Though Porto is home to its share of globally renowned projects by the likes of OMA, Álvaro Siza and many more, the Portuguese city has also welcomed a series of more subtle – but equally striking – interventions throughout its architectural fabric.
Take, for instance, Fala Atelier‘s most recent renovation of a 190-square-metre apartment on the ground floor of a modernist housing complex. The project sees the local studio translate the pictorial qualities of their post-digital collages into a charming new interior.
Remedying the challenging geometries of the existing plan, a gestural curving wall was introduced to not only define the two bedrooms and accompanying washroom, but to create acoustic as well as visual separation between the nearby living room. Full-height, blonde-wood doors accent the crisp white walls to “suggest different degrees of privacy,” says the studio, led by Filipe Magalhães, Ana Luisa Soares and Ahmed Belkhodja.
At the rear of the residence, a spartan galley kitchen runs parallel to the glazed wall looking onto the large outdoor terrace, almost basking in the sunlight streaming in. Wood cabinetry (stained in two green hues and paired with a richly veined marble countertop and backsplash) contrasts with the existing exposed concrete ceiling for a graphic effect that echoes elsewhere in the renovation.
Fala’s updates to the outdoor patio continue the playful mix of texture and tone within. “The new facade facing the terrace, generously open, hints at the modernism of the street,” says the studio. Bands of white and black marble cladding surround the sliding partitions to create a bold threshold into the kitchen and living spaces that carries the pictorial quality found throughout the studio’s oeuvre (their renovation of São Brás House in Porto, for example, saw monumental navy blue and neon salmon doors update the historic facade).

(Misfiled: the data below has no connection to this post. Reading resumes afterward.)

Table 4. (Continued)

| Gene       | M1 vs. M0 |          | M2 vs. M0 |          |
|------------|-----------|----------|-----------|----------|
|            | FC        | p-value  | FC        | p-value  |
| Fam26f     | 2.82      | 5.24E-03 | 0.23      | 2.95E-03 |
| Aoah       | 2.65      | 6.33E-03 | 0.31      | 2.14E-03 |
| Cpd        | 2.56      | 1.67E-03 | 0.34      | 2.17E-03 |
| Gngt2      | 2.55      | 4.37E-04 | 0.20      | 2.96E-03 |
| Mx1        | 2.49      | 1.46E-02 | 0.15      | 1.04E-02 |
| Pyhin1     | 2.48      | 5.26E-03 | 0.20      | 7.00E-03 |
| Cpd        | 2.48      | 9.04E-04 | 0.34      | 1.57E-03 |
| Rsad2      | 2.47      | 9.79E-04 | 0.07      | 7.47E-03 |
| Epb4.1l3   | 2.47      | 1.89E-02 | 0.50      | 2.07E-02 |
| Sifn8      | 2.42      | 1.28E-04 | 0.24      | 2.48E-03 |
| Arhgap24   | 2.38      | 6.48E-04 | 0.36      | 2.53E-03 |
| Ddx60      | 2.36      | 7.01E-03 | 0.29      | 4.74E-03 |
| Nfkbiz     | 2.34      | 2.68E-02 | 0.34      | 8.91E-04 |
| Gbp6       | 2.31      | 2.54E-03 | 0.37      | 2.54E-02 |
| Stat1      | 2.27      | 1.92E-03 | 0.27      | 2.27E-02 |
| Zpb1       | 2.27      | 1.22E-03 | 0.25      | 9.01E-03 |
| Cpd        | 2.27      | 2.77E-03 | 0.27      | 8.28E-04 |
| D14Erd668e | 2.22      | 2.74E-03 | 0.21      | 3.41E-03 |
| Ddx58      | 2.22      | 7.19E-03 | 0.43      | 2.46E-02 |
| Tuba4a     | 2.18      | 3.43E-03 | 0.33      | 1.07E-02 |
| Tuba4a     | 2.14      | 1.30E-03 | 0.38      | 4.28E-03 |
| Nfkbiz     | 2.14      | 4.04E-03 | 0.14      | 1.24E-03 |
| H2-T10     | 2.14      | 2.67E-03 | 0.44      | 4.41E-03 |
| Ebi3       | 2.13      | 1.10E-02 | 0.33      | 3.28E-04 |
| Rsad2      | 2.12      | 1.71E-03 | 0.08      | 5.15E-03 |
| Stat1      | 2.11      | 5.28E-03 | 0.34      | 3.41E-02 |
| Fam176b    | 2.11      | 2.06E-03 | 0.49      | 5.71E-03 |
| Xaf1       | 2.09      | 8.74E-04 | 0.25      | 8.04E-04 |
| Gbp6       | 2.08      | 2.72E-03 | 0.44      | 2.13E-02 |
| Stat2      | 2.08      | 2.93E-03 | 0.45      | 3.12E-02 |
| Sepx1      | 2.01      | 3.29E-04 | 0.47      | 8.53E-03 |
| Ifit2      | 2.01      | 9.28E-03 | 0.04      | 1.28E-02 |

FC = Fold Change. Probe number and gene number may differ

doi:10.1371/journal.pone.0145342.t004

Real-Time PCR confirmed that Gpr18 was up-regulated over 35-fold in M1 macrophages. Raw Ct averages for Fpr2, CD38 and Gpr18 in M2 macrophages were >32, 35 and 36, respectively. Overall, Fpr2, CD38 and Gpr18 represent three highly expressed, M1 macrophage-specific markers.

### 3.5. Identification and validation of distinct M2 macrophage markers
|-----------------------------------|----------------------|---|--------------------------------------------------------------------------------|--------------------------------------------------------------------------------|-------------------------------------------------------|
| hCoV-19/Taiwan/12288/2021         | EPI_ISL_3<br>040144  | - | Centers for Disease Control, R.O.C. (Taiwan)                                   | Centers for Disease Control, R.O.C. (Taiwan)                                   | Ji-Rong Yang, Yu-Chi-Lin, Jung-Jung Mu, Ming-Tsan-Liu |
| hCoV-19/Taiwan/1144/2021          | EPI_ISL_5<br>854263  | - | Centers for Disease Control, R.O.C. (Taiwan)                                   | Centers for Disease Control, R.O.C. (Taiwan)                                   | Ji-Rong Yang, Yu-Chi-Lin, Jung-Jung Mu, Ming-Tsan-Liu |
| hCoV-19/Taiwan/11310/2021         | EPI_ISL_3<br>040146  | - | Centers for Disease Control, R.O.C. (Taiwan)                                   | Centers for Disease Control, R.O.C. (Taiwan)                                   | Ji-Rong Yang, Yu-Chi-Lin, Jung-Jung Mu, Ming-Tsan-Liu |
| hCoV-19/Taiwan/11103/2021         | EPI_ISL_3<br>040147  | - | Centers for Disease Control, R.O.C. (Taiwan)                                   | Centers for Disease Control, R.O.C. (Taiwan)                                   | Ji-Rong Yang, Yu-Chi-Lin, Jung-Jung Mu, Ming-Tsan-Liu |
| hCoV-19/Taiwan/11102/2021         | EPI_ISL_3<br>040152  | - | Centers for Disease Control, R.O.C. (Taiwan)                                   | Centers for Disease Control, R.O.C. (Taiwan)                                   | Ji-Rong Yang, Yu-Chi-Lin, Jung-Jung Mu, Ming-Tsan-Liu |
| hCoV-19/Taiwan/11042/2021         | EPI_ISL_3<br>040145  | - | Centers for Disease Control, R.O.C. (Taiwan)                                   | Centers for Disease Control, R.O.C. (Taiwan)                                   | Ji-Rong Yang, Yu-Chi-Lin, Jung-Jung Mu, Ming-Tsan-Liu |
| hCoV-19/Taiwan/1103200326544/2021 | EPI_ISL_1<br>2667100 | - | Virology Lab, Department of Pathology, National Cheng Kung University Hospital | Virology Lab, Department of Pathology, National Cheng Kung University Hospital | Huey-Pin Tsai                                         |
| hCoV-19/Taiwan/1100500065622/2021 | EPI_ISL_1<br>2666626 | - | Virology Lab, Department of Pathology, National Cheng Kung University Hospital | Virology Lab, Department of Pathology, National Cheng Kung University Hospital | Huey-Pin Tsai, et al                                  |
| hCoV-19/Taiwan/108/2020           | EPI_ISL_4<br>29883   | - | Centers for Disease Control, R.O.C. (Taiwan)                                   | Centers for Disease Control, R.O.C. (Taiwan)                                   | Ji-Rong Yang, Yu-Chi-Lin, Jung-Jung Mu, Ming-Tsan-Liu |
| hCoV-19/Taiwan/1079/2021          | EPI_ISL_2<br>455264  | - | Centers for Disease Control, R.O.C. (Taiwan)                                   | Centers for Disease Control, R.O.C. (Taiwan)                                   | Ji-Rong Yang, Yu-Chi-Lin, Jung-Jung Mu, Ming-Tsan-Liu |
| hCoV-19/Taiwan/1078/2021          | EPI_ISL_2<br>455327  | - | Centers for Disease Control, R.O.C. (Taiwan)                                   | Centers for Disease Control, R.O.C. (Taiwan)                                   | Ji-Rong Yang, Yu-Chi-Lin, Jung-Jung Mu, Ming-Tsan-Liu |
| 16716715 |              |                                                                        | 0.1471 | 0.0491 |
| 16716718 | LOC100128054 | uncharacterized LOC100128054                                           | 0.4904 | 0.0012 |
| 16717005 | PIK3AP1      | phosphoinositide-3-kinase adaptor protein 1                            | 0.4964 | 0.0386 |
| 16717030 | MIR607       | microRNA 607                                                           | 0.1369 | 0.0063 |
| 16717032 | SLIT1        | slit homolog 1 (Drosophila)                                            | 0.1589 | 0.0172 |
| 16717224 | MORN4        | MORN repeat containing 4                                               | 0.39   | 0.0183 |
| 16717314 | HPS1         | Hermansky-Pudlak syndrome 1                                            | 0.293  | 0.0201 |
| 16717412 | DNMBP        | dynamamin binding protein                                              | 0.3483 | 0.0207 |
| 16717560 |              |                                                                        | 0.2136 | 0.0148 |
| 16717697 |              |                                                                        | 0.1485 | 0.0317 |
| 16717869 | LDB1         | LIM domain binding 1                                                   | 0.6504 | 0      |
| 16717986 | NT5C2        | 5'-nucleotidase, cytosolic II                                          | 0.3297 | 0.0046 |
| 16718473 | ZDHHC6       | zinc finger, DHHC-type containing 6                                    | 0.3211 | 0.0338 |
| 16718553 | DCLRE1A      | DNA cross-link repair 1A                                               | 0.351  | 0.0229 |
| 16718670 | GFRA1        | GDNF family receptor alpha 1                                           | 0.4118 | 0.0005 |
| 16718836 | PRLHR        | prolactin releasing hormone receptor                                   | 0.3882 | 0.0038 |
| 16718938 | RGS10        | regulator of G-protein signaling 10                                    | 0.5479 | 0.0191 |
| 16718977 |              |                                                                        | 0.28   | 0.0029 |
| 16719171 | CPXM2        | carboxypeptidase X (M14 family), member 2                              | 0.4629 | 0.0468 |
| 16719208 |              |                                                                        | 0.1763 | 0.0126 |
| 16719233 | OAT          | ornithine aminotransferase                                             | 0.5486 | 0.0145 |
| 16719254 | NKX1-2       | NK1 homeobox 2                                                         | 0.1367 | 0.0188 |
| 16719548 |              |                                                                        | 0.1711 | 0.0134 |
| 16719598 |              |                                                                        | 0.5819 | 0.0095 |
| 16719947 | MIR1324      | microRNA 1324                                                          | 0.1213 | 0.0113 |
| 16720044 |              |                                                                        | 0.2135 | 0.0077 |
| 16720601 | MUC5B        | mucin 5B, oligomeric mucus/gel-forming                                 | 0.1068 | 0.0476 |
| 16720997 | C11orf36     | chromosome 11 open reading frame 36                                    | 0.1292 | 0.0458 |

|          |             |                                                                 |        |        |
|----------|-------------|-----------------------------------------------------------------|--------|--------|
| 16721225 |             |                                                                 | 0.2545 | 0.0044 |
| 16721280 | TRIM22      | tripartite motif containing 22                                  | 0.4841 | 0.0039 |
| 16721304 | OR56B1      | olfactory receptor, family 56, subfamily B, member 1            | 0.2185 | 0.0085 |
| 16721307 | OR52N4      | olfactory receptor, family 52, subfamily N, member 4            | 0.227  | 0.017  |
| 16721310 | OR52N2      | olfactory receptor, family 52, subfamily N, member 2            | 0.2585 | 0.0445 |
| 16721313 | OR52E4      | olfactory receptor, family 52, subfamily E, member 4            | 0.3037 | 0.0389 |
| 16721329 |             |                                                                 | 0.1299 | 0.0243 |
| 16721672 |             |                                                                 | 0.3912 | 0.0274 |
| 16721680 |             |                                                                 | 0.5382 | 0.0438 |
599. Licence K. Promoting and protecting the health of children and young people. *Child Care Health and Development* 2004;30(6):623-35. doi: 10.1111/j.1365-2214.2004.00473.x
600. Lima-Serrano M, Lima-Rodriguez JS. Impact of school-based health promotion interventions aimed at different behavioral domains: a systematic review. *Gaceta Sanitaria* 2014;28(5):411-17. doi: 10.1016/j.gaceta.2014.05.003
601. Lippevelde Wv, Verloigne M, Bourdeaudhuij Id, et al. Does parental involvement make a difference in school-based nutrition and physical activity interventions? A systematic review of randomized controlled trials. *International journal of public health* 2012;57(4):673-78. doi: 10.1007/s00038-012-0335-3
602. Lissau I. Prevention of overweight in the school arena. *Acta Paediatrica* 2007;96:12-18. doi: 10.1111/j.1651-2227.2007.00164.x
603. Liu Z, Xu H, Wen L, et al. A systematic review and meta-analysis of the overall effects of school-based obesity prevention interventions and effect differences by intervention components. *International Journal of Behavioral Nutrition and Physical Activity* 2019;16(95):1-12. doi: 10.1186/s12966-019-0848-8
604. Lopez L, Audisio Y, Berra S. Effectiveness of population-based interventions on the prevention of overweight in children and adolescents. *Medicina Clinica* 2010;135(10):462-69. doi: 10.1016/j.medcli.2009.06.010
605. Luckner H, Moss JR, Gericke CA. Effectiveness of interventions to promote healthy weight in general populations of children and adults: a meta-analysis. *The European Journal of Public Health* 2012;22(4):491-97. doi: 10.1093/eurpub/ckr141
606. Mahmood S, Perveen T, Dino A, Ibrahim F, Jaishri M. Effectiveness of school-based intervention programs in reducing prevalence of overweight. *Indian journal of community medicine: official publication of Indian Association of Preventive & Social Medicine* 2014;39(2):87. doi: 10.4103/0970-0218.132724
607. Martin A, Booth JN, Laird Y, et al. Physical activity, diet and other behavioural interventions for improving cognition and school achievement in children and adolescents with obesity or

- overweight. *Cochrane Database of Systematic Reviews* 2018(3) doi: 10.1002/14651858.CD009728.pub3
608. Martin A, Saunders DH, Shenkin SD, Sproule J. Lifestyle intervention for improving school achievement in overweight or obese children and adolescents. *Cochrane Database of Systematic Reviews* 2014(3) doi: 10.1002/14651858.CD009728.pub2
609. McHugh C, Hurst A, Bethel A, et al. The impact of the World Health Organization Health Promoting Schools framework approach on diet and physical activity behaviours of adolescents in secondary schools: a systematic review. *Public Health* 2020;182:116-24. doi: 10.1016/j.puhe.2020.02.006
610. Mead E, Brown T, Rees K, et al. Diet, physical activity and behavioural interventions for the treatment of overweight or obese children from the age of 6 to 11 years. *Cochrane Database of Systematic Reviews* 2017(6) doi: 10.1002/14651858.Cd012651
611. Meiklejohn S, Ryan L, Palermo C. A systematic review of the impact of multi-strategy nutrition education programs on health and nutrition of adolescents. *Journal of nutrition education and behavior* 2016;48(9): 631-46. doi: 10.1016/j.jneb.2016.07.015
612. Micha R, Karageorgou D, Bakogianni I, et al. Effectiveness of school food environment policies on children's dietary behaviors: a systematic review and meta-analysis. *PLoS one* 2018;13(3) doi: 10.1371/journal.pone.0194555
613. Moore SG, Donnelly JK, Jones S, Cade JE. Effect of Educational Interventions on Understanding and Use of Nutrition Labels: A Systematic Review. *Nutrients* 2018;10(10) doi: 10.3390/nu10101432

“The project,” the five-year-old practice adds, “operates through a set of gentle oppositions between existing and added elements.” With much of the exposed concrete from the original structure left as is, the refined nature of the renovations are strategically layered alongside these raw elements to accentuate the contrast between old and new.
To unify the two bedrooms, washroom, living space and modest kitchen with the expansive terrace, the studio arrived at a graphic conclusion: a monolithic floor running the full span of the residence — inside and out. According to the firm, the mint-green surface “firmly binds all the house together,” unifying what was once a “convoluted main space, on the edge of fragmentation.”
Known for evocative representations that mix techniques borrowed from early abstract painting and collage with more traditional forms of drawing, the studio deftly adapted these two-dimensional planes into a striking assemblage of three-dimensional materials, palettes and forms. You might say it’s enough to make the neighbours green with envy.
This graphic retrofit by local studio Fala Atelier mixes marble and pastel greens to striking results.